Objective The main objective of the present study was to compare the use of four-dimensional (4D) flow MRI with the habitual sequence (two-dimensional phase-contrast (2DPC) MRI) for the assessment of aortic regurgitation (AR) in the clinical routine.
Methods This was a retrospective, observational cohort study of patients with varying grades of AR. For the purposes of the present study, we selected all the cases with a regurgitant fraction (RF)>5% as determined by 2DPC MRI (n=34). In all cases, both sequences (2DPC and 4D flow MRI) were acquired in a single session to ensure comparability. We compared the results of the two techniques by evaluating forward flow, regurgitant flow and regurgitation fraction. Then, the patients were divided into subgroups to determine if these factors had any influence on the measurements: aortic diameter (≤ vs >38 mm), valve anatomy (tricuspid vs bicuspid/quadricuspid), stenosis (gradient ≥15 vs <15) and region of interest location (aortic valve vs sinotubular junction).
Results No statistically significant differences were observed between the two techniques with Pearson’s correlation coefficients (r) of forward flow (r=0.826/p value<0001), regurgitant flow (r=0.866/p value<0001) and RF (r=0.761/p value<0001).
Conclusions The findings of this study confirm the value of 4D flow MRI for grading AR in clinical practice with an excellent correlation with the standard technique (2DPC MRI).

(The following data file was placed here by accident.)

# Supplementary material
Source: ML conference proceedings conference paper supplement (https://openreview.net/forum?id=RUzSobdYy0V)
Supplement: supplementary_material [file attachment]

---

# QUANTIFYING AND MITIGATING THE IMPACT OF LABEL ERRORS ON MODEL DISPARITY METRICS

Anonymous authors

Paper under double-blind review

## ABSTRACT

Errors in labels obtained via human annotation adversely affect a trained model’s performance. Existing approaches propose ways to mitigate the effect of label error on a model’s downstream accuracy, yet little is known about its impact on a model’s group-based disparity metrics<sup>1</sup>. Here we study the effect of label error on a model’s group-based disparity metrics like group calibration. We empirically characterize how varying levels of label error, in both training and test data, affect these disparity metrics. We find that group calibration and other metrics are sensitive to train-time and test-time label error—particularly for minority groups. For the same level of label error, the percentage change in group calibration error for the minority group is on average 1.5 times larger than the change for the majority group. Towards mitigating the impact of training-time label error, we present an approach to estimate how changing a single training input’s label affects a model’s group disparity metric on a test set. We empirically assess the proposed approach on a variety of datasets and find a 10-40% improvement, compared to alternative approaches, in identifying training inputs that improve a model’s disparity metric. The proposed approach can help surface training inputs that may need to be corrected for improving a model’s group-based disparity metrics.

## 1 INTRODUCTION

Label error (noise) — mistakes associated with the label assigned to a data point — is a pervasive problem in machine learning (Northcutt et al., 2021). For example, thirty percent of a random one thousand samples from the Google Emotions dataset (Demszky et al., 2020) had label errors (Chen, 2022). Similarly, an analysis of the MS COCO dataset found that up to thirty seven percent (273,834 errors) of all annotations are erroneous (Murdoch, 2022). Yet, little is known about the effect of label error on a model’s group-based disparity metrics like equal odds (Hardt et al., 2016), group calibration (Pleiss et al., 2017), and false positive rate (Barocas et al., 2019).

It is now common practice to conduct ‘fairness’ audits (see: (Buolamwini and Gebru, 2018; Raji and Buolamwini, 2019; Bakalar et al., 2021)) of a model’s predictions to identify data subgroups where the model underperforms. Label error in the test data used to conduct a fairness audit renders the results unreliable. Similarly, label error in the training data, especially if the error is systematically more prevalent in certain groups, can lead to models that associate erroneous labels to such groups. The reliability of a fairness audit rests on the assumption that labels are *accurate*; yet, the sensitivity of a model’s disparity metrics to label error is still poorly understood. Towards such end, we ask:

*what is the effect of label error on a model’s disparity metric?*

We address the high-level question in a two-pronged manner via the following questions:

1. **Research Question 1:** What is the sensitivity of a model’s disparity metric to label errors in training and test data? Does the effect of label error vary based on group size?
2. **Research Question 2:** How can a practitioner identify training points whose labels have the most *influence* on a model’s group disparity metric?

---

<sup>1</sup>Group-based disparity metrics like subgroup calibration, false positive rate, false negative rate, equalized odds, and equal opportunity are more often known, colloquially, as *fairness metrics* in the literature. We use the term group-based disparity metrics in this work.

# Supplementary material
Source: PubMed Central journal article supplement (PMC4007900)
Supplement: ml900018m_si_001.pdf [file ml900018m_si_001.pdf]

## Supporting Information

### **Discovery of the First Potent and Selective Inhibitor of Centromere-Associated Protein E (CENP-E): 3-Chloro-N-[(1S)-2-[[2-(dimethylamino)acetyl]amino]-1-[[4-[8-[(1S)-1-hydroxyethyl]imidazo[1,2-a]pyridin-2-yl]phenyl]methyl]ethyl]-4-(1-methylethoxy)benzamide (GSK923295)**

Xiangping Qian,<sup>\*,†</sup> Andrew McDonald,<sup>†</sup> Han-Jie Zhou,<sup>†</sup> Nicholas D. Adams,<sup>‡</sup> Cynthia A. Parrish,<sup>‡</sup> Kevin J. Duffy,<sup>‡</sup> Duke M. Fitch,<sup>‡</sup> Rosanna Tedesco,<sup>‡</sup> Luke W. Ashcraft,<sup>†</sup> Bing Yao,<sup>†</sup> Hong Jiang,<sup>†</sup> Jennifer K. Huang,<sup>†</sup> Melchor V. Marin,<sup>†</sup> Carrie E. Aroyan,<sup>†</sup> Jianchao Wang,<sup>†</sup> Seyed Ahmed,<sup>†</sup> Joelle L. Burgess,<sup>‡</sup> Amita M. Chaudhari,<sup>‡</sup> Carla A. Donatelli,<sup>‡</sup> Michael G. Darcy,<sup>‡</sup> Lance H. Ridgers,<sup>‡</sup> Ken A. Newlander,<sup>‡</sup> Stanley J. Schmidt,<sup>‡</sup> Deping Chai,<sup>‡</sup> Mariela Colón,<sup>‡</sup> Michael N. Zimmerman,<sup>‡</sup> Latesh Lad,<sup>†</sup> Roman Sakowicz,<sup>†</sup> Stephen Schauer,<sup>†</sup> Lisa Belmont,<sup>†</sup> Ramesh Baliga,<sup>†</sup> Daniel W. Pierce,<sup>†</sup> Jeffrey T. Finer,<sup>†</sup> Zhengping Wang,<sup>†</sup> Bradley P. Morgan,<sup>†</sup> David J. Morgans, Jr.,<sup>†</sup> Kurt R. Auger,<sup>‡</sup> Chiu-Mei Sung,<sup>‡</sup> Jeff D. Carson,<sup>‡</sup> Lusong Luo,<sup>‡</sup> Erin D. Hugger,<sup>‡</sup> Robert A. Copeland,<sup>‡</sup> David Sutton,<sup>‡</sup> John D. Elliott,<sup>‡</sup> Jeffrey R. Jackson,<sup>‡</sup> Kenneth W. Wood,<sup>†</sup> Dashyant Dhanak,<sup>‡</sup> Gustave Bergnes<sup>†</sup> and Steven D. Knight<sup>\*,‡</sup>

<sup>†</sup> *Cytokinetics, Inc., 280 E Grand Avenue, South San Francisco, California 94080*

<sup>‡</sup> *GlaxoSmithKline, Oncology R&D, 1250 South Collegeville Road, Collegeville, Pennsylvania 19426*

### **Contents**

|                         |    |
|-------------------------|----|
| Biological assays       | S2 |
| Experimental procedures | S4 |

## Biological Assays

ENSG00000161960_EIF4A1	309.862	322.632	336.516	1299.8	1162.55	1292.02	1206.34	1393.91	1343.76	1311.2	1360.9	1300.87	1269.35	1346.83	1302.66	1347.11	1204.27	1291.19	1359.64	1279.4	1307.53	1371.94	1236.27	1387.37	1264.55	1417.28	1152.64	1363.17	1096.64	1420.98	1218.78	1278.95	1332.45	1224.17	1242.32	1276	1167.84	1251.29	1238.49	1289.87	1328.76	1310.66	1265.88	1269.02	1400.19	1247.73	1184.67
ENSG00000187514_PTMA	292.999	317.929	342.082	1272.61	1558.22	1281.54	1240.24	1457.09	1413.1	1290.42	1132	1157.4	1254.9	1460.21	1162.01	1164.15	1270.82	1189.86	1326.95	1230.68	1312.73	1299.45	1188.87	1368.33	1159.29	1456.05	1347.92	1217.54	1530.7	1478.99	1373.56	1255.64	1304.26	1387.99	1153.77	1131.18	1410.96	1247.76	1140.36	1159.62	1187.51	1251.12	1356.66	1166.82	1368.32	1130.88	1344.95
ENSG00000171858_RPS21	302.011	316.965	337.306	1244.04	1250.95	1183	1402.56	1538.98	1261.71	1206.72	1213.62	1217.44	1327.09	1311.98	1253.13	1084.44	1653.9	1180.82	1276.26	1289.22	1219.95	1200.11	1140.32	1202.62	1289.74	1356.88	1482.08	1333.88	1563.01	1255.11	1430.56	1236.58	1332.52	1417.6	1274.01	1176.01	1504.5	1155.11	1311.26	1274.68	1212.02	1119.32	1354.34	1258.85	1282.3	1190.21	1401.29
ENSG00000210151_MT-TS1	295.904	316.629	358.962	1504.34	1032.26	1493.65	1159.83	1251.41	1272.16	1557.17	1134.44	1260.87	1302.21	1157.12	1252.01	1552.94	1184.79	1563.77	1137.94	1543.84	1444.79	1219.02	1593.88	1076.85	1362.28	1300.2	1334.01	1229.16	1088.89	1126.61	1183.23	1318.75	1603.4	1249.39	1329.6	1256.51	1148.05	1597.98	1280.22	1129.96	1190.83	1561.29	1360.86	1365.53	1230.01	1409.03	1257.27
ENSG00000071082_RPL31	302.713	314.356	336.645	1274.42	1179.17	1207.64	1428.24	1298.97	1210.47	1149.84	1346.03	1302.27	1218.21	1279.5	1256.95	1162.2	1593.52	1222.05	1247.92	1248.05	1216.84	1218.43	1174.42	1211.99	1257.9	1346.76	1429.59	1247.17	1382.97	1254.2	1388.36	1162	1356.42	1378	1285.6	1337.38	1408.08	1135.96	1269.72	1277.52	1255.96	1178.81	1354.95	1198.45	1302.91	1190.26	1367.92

- aortic valve disease
- cardiac function
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What is already known about this subject?
Four-dimensional (4D) flow MRI allows to measure non-laminar flow in any direction in space, with flow encoding in all three spatial directions along the cardiac cycle, overcoming one of the several limitations of two-dimensional, phase-contrast (2DPC) MRI. Several recent studies have verified the validity of 4D flow MRI compared with both echocardiography and 2DPC MRI. Some authors found that 4D flow MRI and echocardiography presented good interobserver correlation, with good agreement in assessing valvular regurgitation. Flow and velocity measurements obtained by 4D flow MRI in mediastinal vessels have been successfully compared in healthy patients.
What does this study add?
To our knowledge, despite the prevalence of aortic regurgitation (AR), there is not a study comparing 4D flow MRI with 2DPC MRI for grading AR in routine clinical practice. We found that there is a good correlation between the two sequences to quantify aortic positive and negative flow and aortic regurgitant fraction.
How might this impact on clinical practice?
From our point of view, when prospective studies also verified the prognostic information obtained from 4D flow MRI, this sequence will substitute 2DPC MRI in the clinical protocol of cardiac magnetic resonance (CMR). We have seen its good correlation with the habitual sequence for grading AR, one of the most common valvular pathologies studied with MRI. Also, with the numerous advantages of the sequence, the indications of MRI will increase in valvular pathologies.
Aortic regurgitation (AR) is the diastolic flow of blood from the aorta to the left ventricle (LV), which leads to volume and pressure overload on the LV. According to recent clinical guidelines,1 2 echocardiography is the imaging technique of choice for the diagnosis, quantification and follow-up of AR.
Echocardiography provides data on the most relevant prognostic parameters—LV dilatation and/or dysfunction—needed to monitor patients with AR.1–3
MRI is considered a complementary technique in patients with AR with inadequate echocardiographic image quality or discrepant results. MRI provides more precise estimates of LV volumes, function and mass, and aortic dilatation than echocardiography.1 4 5